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And this is Juny the maid making ceremonial offerings on behalf of us disbelieving heathens...
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It is Pagerwesi - the 16th of January.
Pagerwesi is celebrated every six months – but don’t get attached to the date. There are precisely 35 days in each month of the Balinese calendar so the next Pagerwesi will be on July 14th. Confused? So are the Balinese, because they also use two other calendars and all three have differing dates. However, the moon is constant and the most significant annual event of Nyepi is celebrated on the new moon of the ninth month. Nyepi begins with purification and sacrificial rites designed to drive all evil spirits out to sea. Once the spirits have been shown the door the following day is a day of enforced silence, (though how they gag the dogs, frogs and cocks is beyond us). Anyone leaving their home or hotel; anyone singing, whistling or even whispering aloud; anyone driving, riding, fishing or working, is summarily punished. The airport is closed for twenty four hours and no lights or fires lit, or sounds of any kind made, in the hope that the spirits will believe that the island is deserted and never return.
This is our Bali home at sunset...
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It is common for writers to enthuse lyrically about this picturesque landscape and the seemingly simplistic lifestyle of the Balinese, but maybe we have stayed too long and delved too deep. We’ve seen the garbage filled streams and littered beaches, and driven the crumbling roads clogged with thousands of fume-spewing motorbikes; we have heard sinister tales of revenge resulting from envy, greed or perceived injury; and we are fully aware that there is bribery and corruption at all levels. However, far from the southern tourist Meccas of Kuta and Sanur, there is still a land where naked natives bathe in mountain streams and peasant farmers work their photogenic paddies with oxen. But this ‘travel brochure’ paradise is fast disappearing. A new airport is to be built in northern Bali and the remaining National Geographic landscape is being usurped and destroyed by the very people who profess to value its beauty. Foreign investors are building mega-villas in the paddies and permanently driving land prices beyond the reach of the locals. Many hereditary farmers have already squandered the family’s silver on a motorbike, a BlackBerry and a satellite television, and the next generation is facing a life of servitude when once they might have been masters of their own destiny. How long will this pastoral beauty survive against an onslaught of westernization?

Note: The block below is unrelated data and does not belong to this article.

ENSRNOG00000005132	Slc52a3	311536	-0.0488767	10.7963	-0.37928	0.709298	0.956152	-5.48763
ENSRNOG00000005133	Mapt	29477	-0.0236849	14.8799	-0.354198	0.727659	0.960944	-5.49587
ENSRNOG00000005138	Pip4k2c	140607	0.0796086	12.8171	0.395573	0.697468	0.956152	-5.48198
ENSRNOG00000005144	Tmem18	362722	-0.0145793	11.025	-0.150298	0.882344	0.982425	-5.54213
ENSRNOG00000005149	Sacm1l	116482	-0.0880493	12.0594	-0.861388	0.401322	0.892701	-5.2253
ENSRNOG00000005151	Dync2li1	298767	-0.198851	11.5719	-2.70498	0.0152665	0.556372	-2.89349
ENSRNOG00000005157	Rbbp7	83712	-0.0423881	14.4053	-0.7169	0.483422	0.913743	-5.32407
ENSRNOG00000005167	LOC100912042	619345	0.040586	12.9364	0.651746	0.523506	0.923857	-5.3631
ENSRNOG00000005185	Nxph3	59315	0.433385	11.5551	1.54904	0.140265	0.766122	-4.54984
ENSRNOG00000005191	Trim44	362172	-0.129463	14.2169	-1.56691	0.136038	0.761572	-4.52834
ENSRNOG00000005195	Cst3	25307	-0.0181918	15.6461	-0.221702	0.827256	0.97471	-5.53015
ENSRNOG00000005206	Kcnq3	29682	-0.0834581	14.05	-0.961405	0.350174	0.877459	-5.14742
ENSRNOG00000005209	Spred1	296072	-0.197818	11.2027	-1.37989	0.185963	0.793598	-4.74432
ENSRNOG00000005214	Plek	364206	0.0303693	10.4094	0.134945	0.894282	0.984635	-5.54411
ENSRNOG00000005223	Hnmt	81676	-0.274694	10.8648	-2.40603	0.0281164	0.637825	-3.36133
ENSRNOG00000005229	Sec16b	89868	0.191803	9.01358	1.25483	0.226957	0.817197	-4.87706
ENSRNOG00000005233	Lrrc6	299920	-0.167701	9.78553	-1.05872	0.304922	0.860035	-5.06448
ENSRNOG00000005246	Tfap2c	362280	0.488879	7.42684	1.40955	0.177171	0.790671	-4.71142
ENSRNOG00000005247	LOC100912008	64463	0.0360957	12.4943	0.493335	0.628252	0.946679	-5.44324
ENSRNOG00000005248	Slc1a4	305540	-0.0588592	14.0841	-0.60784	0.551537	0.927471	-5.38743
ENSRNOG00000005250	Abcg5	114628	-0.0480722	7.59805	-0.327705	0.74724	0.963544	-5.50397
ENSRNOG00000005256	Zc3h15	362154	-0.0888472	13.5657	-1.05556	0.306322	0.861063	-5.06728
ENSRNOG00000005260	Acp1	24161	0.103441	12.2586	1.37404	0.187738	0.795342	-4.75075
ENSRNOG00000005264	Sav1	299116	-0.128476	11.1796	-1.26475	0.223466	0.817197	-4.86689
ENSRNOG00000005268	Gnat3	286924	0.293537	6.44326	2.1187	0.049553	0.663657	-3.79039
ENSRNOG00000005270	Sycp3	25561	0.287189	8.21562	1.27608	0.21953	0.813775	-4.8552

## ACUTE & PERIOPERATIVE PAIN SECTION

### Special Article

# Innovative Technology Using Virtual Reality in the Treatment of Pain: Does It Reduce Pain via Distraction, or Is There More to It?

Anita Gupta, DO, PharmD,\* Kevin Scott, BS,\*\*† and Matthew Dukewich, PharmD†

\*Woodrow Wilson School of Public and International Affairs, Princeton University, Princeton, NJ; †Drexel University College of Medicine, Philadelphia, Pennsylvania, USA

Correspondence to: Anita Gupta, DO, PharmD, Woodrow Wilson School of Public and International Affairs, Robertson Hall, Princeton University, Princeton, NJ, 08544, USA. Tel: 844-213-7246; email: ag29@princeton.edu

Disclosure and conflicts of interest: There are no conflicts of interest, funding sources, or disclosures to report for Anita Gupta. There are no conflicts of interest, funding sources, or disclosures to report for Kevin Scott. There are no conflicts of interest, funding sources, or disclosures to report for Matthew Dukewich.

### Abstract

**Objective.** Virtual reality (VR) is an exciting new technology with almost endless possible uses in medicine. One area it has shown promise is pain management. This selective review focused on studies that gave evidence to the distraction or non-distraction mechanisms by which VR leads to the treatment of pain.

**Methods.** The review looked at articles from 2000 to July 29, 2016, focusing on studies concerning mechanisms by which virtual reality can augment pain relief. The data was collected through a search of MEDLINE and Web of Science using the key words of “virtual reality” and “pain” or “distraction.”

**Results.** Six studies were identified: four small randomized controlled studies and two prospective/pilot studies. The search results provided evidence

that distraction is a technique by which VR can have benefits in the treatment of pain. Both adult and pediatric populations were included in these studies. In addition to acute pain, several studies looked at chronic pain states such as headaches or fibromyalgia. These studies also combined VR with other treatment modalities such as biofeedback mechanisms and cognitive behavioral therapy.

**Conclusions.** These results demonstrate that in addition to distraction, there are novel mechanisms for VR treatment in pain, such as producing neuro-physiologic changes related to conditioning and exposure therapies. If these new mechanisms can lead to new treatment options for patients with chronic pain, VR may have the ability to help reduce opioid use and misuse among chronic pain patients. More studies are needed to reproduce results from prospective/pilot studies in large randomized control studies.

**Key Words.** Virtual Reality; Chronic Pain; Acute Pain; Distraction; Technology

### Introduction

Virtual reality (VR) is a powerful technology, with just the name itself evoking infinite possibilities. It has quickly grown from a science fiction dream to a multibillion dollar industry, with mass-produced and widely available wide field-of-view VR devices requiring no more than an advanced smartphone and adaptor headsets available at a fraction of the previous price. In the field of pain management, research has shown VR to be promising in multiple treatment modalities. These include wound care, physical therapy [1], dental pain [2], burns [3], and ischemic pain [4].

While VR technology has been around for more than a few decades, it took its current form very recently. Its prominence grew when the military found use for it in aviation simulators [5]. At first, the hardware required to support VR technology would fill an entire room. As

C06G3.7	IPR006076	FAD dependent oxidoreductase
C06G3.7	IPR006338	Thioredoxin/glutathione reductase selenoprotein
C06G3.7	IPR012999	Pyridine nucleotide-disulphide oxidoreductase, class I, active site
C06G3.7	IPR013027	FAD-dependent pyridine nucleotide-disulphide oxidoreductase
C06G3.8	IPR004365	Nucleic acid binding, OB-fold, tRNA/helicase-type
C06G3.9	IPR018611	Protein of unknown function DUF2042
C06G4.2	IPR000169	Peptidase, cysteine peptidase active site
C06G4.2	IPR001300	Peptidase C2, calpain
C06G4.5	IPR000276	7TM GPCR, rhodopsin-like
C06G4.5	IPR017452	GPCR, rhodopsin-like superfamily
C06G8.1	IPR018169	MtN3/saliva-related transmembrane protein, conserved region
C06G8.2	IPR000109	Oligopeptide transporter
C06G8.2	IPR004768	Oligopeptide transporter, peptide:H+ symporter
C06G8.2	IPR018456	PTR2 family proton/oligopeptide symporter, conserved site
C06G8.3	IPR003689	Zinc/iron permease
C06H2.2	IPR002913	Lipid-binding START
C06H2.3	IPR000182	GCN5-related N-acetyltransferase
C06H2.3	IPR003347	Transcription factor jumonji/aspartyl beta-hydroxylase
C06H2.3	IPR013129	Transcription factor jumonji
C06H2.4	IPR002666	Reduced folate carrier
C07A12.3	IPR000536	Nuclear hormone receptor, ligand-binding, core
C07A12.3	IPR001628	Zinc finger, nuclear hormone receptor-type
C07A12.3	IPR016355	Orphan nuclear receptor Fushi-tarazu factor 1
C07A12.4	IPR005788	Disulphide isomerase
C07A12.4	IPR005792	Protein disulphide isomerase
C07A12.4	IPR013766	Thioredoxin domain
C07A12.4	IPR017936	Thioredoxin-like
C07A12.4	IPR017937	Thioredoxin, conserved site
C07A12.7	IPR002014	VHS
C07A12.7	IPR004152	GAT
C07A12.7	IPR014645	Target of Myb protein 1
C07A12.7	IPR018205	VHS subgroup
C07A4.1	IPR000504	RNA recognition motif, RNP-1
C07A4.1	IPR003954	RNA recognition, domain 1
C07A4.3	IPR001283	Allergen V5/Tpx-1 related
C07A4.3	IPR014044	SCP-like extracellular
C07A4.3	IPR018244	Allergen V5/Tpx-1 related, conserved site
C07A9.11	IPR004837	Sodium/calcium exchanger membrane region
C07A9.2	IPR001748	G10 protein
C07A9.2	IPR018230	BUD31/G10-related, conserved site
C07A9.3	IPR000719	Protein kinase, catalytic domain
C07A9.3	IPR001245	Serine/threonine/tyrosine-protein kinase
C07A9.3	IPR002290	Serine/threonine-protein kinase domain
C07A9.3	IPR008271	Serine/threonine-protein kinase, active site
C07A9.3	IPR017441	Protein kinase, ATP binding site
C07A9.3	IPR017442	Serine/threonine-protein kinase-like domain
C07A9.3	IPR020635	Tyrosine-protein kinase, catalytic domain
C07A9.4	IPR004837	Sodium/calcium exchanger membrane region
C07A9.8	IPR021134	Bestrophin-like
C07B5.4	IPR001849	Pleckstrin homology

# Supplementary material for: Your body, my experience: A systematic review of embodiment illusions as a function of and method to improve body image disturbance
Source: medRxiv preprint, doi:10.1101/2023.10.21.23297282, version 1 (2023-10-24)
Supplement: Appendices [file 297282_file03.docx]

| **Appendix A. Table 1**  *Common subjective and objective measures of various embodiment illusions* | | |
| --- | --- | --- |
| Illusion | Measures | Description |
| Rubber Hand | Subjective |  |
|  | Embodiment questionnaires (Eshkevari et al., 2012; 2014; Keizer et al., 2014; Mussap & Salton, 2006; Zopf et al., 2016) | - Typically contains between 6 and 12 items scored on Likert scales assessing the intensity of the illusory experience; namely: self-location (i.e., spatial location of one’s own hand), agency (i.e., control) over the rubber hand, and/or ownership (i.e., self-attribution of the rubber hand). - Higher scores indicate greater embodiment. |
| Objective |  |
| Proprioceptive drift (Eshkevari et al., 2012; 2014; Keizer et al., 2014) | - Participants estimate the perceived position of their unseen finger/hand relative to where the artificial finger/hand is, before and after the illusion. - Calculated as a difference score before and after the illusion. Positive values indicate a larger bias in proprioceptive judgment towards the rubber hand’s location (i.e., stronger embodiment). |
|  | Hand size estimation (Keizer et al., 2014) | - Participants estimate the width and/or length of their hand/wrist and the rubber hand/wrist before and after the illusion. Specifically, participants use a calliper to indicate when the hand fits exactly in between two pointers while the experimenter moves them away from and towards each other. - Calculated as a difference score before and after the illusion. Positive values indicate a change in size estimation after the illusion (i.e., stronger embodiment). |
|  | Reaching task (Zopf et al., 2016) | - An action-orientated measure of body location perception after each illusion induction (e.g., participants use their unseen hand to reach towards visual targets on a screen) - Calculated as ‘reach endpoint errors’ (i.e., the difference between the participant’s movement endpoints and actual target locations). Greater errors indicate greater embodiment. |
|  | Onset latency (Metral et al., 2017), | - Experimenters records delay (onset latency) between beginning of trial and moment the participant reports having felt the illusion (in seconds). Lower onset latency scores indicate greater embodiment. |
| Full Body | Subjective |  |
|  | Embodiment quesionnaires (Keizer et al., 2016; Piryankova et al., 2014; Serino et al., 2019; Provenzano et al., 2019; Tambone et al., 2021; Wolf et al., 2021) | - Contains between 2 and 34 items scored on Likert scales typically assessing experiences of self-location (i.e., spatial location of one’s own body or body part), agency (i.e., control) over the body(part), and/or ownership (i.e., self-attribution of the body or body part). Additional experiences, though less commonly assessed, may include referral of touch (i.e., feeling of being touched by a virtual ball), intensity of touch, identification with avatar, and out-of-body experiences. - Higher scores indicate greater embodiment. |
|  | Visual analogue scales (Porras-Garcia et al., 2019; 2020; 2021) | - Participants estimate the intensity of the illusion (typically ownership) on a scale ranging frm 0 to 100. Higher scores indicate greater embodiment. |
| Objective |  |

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The beaches and tourist towns of southern Bali have already sunk under the ugly weight of rampant tourism and there is a real danger that northern Bali will follow suit. We would encourage you to visit this beautiful land and glimpse paradise with your own eyes – But wait! Won’t that make you part of the problem too? Maybe you should just sit back and dream of heaven while we do the heavy lifting!

Posted by Hawkson 04:31 Archived in Indonesia Comments (8)